Aside from my favorite Japanese songs of July listed below, worth mentioning are Awich’s furious hardcore hip hop banger “Shook Shook,” Seiko Oomori’s typically fast-moving, genre-juggling “Singer-Songwriter” and Tricot, whose “Omae” shows off a transformed pop punk sound only six months after their last record.
1. Shinichiro Yokota, ‘Detectors’ & ‘Accelerators’
(Far East Recording)
Shinichiro Yokota’s class of deep house is never aggressive nor lifeless. Instead, it sort of cruises, mobile in its guiding beats and numerous phases and scenic in its contrasts. Both of his two new tracks, “Detectors” and “Accelerators,” pinpoint his brilliance to a T, unsurprisingly stellar tunes from an undisputed veteran of the Japanese scene.
Yokota’s music often seems guided by visions of a stylish lifestyle of nocturnal urban drives in slick, pumped-up sports cars. Unlike so much vibe-heavy music, however, there’s a lot beneath the surface. “Detectors” and “Accelerators” are both craftily layered, the former’s radiant melody lines and occasional staggered vocal samples and the latter’s slow piano and acid beats amounting to some slick and slinky deep house.
While the quality of these tracks is unsurprising, after last year’s I Know You Like It and career compilation Ultimate Yokota 1991-2019, it’s great to see Yokota making up for decades of underappreciation. “Detectors” and “Accelerators” prove that not only is Yokota as good as he’s ever been, but that he might be getting even better.
2. Chai, ‘Keep On Rocking’
Chai’s “Keep On Rocking” starts off as a somewhat ordinary rock song. Classic two guitars, bass ‘n’ drums set-up, common chord progression, pop rock croon. The only real difference is the noisier mix and, of course, Chai’s signature vocals.
Then the birds come in. Literally, a sampled flock surrounded by delicate bits of tingling percussion and ramped-up static. Another verse or two go by and, before you know it, “Keep On Rocking” is a DIY rock anthem with joyous strings, a lot of noise and a great big singalong outro, complete with “lalala”s and a feeling of boundless uplift.
Chai take even the most supposedly simple sort of tune and transform it into something far greater than it would be in the hands of anyone else. “Keep On Rocking” shows Chai’s fresh approach to a weary scene and proves further that they can apparently do no wrong.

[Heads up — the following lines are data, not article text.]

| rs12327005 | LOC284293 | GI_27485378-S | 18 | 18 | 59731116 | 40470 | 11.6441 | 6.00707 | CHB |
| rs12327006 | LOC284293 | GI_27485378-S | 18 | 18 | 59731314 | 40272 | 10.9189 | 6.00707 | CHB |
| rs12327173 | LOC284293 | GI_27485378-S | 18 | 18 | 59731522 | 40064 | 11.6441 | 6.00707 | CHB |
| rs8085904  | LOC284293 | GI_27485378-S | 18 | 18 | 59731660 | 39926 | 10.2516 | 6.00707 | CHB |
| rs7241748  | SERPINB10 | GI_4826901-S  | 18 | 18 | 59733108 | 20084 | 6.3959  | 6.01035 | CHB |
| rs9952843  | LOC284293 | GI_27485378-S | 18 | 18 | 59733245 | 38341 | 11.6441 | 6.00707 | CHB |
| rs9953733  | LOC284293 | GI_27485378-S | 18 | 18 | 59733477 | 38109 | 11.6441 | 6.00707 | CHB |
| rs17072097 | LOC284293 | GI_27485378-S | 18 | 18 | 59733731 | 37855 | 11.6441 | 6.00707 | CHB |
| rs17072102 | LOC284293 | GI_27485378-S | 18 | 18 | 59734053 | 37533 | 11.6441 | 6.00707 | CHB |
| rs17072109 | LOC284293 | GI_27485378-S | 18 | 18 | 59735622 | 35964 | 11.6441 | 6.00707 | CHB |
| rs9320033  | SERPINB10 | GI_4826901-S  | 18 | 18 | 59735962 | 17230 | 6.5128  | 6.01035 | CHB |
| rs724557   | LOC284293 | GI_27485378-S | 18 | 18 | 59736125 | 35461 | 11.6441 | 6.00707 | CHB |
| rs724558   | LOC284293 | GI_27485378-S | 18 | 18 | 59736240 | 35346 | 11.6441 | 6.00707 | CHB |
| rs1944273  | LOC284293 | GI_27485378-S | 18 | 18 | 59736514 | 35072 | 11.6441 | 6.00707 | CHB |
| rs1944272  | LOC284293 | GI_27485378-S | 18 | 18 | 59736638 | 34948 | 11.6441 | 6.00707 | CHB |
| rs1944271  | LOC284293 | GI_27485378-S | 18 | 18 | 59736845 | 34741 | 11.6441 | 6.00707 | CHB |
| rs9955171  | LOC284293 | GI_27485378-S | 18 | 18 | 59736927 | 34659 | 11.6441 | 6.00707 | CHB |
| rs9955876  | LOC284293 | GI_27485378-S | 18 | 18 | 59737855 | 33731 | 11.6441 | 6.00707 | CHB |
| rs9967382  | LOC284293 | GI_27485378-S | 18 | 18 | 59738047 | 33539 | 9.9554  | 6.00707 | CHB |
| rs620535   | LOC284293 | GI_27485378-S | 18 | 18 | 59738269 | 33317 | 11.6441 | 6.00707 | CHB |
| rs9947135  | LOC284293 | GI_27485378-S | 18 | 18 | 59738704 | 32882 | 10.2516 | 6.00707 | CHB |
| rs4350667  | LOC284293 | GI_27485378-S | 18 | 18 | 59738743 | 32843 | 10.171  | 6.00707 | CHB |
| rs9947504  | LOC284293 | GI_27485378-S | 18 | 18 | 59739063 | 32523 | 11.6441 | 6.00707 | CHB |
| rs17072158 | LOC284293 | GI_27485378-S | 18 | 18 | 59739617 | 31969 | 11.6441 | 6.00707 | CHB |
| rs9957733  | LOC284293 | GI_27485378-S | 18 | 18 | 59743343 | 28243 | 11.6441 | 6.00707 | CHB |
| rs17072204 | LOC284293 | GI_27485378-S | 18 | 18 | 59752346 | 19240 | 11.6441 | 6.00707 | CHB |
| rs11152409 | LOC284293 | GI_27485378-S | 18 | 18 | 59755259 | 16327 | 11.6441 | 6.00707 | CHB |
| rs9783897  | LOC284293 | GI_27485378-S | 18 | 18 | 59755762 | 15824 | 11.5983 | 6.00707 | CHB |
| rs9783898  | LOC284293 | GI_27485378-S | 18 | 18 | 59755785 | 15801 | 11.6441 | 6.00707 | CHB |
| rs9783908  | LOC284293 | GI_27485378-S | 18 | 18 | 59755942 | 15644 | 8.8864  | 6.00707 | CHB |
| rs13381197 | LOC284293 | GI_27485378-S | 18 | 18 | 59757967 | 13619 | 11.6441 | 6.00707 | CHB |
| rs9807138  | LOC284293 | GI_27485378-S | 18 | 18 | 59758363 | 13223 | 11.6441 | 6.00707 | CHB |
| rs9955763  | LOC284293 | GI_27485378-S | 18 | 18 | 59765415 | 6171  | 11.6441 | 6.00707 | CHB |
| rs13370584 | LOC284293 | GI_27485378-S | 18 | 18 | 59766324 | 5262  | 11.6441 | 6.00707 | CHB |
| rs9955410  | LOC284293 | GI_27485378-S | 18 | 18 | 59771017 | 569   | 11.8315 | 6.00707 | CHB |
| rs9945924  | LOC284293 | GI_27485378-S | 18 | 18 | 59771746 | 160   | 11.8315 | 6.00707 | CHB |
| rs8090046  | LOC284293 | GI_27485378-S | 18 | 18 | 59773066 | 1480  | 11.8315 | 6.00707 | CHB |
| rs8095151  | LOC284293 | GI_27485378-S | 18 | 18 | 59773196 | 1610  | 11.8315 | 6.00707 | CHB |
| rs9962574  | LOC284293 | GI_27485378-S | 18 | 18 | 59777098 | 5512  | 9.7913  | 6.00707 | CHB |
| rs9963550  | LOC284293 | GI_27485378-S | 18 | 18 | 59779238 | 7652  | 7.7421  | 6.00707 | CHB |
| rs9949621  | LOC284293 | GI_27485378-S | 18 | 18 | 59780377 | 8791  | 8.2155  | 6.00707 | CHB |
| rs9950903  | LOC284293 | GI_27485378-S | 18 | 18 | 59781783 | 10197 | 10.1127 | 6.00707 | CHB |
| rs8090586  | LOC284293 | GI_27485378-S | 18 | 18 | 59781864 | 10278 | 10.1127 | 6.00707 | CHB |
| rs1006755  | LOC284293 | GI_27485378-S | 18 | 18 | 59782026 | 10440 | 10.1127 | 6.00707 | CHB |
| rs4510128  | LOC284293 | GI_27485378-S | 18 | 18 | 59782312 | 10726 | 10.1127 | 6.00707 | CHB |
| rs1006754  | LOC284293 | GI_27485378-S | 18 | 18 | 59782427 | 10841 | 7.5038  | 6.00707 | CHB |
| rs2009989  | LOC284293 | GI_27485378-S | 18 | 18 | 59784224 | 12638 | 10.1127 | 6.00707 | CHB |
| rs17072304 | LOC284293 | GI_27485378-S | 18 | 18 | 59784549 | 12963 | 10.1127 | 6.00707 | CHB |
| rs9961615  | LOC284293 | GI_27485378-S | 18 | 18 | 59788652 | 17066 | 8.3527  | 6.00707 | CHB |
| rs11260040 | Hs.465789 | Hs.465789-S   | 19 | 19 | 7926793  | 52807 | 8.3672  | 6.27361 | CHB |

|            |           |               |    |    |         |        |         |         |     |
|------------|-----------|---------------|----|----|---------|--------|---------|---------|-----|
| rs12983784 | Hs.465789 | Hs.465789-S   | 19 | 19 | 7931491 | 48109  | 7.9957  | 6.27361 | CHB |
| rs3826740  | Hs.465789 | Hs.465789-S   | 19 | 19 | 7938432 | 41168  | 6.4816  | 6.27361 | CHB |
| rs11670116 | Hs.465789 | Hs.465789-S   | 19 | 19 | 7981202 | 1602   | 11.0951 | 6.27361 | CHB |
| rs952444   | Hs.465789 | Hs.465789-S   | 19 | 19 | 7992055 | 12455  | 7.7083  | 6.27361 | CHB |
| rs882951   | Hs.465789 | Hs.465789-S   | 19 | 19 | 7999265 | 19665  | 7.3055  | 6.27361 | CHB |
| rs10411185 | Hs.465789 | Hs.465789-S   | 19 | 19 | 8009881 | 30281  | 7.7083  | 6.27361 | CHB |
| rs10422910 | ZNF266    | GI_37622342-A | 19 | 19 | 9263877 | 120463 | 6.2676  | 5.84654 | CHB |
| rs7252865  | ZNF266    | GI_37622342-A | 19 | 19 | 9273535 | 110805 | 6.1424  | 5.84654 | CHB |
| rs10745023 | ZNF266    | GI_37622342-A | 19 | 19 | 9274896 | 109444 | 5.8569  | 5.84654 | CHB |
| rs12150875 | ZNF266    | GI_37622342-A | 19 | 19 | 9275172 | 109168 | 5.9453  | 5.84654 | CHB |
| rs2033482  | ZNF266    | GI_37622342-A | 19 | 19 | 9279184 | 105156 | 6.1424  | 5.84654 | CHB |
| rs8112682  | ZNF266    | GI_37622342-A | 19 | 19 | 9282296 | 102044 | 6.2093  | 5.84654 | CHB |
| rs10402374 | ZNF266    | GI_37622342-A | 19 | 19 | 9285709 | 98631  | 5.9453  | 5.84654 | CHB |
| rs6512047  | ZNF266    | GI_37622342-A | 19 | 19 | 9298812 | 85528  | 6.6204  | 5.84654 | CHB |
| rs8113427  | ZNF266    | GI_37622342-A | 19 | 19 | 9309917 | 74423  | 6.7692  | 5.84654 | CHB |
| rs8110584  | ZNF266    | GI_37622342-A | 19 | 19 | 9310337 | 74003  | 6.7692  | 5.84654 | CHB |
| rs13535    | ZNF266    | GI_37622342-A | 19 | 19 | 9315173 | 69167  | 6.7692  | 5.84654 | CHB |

3. Videotapemusic, ‘Spring Fever’
Spring itself may have come and gone but Videotapemusic’s “Spring Fever” brings a late ode to sprightlier, somewhat less rainy times. Renowned for his samples of, as his name suggests, old VHS tapes, Videotapemusic takes audio and visual clips from across the globe and, with a full band, fashions them into lounging indie tunes.
“Spring Fever” meticulously succeeds within the Videotapemusic formula. Soft instrumentation of keyboards, horns and synthesizers subdues listeners into contentment also induced by overtones of jazz pop and lounge. Meanwhile, the flickering samples of cars driving by and birds tweeting only add to the atmosphere.
The streaming edition includes a livelier, more dub-influenced and beat-driven remix but it’s the original that excels most. “Spring Fever” revels in the fresh sunshine, a nuanced and peaceful work of lounge pop.
4. Ohzora Kimishima “Rain on Burns”
Contrasting Videotapemusic’s clear-skied escapism is Ohzora Kimishima’s “Rain on Burns,” a song about rain and the perfect accompaniment to sheltering from it. Kimishima, up to last year a session musician and Soundcloud solo artist, continues to gain a following for his skillfully made, stylistically broad solo work.
A huge draw for Kimishima’s music is its variety and unpredictability. His 2019 EP Afternoon Reflections was part-folk, part-glitch, part-alternative rock. Of those three, “Rain on Burns” clearly slots nicely into the latter, but it’s actually most notable because it sticks to a single style. Its thrills – screeching guitar lines, thick distortion, tight drumming and Kimishima’s contrasting vocals – are standard but exceptionally well-arranged and performed.
The only hints of anything out of the ordinary are the post-production vocal shakes added to Kishima’s voice near the end (an effect that, I imagine, is intended to sound like he’s singing in the rain). Supported by a stylish, cinematic music video, “Rain on Burns” is sure to add fuel to an already-burgeoning fanbase.
5. Frederic, ‘Saredo BGM’
Loyally pinned to decades-old blueprints for a blistering summer blockbuster, Kobe-based quartet Frederic’s “Saredo BGM” is a heedlessly repetitive, unrelentingly chirpy and outlandishly grand pop hit.
While that may sound overblown, even potentially irritating, “Saredo BGM” is pure fun. Frederic’s ‘80s-style guitar stabs, funky basslines and shamelessly heavy bass beats, with some of the most manufactured synthesizer phases I’ve ever heard, amount, in the grander scheme of things, to a well-arranged track that is less conventional than many of its uberpop peers.
I haven’t quite managed to find out exactly what BGM stands for (it’s most likely “background music,” and thus potentially wittier and more self-aware than I’m giving them credit) but, more importantly, that doesn’t really matter. Cheesy? Yes. Original? Not particularly. Fun? Absolutely.